How Long Should A Title Be For An Essay

Essay 25.01.2020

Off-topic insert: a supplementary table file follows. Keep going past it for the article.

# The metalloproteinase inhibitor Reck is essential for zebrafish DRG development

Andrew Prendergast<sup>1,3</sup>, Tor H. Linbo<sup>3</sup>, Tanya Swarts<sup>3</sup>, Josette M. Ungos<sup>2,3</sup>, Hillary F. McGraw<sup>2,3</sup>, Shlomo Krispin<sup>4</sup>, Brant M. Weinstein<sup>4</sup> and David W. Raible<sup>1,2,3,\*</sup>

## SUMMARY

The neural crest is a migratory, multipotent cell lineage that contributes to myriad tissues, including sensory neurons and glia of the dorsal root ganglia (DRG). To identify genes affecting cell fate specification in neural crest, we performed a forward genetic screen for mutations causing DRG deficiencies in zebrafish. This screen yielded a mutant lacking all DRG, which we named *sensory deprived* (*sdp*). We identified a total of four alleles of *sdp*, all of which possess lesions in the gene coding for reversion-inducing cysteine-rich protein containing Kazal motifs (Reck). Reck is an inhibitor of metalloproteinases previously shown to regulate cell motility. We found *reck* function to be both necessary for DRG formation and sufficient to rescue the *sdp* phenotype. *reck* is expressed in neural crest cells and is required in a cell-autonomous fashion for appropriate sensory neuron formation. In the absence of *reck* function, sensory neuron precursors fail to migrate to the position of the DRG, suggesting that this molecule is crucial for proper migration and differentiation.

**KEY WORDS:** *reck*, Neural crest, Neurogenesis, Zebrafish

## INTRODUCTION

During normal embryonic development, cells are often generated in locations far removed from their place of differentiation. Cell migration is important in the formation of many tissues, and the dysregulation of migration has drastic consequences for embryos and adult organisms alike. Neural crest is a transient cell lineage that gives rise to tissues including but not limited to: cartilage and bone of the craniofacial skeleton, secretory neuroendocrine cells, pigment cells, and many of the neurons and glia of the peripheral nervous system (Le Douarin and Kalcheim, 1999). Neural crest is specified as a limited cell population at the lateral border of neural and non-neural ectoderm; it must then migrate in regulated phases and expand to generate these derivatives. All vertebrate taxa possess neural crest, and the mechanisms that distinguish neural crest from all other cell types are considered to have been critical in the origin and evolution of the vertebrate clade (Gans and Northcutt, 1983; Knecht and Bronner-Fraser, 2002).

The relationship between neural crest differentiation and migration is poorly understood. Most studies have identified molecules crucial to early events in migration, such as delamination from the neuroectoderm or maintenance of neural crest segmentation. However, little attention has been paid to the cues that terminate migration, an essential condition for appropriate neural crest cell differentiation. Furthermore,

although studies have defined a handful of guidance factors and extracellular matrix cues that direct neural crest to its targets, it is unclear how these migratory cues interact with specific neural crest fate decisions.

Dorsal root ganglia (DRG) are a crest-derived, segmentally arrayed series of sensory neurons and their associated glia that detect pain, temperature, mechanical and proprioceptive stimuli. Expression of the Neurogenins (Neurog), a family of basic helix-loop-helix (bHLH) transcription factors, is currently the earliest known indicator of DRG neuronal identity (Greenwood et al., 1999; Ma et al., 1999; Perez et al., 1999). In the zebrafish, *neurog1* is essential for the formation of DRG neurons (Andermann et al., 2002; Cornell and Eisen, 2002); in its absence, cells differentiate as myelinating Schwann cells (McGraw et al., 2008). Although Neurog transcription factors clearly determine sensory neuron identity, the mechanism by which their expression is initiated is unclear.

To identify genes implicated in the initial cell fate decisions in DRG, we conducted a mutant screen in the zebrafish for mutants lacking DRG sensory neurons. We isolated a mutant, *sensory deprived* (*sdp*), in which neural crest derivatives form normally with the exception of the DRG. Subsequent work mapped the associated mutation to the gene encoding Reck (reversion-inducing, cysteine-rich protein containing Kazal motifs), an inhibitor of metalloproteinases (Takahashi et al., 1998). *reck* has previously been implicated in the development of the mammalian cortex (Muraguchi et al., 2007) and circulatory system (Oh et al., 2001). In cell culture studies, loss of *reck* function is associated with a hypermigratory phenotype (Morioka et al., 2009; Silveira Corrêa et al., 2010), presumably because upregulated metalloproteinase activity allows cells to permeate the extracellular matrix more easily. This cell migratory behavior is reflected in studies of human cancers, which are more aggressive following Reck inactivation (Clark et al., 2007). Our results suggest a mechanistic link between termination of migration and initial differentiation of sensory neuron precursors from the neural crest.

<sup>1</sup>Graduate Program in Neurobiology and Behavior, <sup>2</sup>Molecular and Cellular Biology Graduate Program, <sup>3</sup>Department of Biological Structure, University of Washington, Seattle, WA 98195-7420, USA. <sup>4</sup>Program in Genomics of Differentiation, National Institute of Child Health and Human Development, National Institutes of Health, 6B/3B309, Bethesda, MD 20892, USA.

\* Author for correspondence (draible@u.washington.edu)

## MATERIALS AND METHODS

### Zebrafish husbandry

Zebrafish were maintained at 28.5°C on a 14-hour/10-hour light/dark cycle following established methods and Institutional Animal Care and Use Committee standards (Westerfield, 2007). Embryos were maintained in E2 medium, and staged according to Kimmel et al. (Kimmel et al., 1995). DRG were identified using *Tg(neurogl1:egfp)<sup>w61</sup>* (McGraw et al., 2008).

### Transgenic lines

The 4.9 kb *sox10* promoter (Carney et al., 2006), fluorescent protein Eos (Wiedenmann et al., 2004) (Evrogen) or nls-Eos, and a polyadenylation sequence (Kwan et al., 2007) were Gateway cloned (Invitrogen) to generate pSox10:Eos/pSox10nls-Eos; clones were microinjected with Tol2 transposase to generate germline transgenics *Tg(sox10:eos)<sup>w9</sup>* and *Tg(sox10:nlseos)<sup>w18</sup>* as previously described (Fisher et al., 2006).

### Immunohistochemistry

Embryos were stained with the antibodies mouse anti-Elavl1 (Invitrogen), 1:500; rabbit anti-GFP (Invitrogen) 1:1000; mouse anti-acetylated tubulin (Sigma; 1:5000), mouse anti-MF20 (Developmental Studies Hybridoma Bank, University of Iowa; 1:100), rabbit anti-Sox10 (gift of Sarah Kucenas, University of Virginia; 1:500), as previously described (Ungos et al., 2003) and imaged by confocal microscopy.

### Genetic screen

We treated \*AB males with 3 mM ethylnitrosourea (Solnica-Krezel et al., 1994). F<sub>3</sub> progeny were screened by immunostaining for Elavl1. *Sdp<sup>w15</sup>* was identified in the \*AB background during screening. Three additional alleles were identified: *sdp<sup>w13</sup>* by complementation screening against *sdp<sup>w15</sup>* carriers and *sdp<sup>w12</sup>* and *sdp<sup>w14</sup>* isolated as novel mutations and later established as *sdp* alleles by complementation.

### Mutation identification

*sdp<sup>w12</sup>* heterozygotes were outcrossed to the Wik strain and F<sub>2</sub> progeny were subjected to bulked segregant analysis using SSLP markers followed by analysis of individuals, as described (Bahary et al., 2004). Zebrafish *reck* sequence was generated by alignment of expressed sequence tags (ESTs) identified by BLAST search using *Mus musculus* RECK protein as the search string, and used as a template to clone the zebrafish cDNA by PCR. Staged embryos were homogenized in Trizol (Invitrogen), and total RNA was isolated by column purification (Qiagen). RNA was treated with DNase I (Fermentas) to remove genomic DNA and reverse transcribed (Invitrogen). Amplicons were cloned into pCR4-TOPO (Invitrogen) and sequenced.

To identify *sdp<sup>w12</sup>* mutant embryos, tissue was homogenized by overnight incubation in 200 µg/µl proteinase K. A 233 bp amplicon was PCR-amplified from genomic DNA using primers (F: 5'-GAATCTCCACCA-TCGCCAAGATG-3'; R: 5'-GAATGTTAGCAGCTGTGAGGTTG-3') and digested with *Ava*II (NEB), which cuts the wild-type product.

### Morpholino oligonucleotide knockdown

Interesting, confident, creative, striking, bold are some of the words that describe the best essay titles. Regardless of the paper, you handle, use the following steps on your way to crafting an interesting topic. Find a creative hook, fact, or quote Get the right words to describe your idea Think about a statement that summarizes your paper Are you struggling to find a good title for your essay? You may not know what your essay will really be saying until after you've written part of it. Essays often change during the drafting and revising process. A title you come up with at the beginning may not reflect your essay when you have finished it. Make sure to also revise your title after you finish your paper. Typically, works of non-fiction have an argument. Create a list of two or three main points you're trying to make. Look at your thesis statement. This sentence contains the major argument of your paper and can help you craft a title. Look at your topic sentences. Reading these sentences together can help you pick out themes, symbols, or motifs in your paper that can be integrated into the title. Consider asking a friend to read your work to help you identify themes. Write down a few groups of people who would be interested in your topic, and why they would be drawn to it. If you are writing a school assignment, or your audience are academics and specialists in your topic, use formal language. Avoid using a playful tone or slang terms. If you are trying to reach an online audience, think of what keywords a reader might use to find your article. For example, if you wrote a how-to article, include words like "beginner" or "do it yourself" that would identify your writing as appropriate for all levels of ability. If your piece is a news story, consider who you are writing about. For example, if are writing about an athletic team write down terms like "fan," "coach," "referee," or the team name. Readers with an interest in sports or that team can quickly identify your perspective and the topic of your story. Titles predict the content in the essay, reflect the tone or slant, include keywords, and catch interest. Think of a bold or striking image that can be summed up in one to three words. A strong essay will use quotations and phrases from source material throughout. Read through the quotes used in your essay for ones that seem particularly strong or powerful. Look for quotes or phrases that sum up your essay as a whole or highlight a central theme or idea in your essay. Alternatively, you can look up a key quote or phrase that is not in your essay but reinforces central ideas or themes in your essay. You can then take a fragment of the quote and use it in your title. Think of a common phrase or sentence, also known as a cliche, and reword it so it is specific to your essay for a catchy title. Use short cliches or familiar phrases that are one to three words long. Clever word play can give your title some punch and show that you are willing to be creative. Use an existing phrase and play around with replacing words in the phrase or adding a new spin to the phrase. Is there a climax and denouement? How are the parts of the story connected? What's the author's view? How is it described? What role does it play? Note that writers make statements , not quotes ; something isn't a "quote" until you've copied it out, so you never say, "The author quotes. Rather, use your own language to make your argument; use the quote as evidence that will support what you have to say. Before or after the quote, connect it to your argument using your own words: eg. Don't incorporate the page number of a quotation as part of your sentence: "On page the author makes reference Write, rather, "The author makes reference to Note where the period is.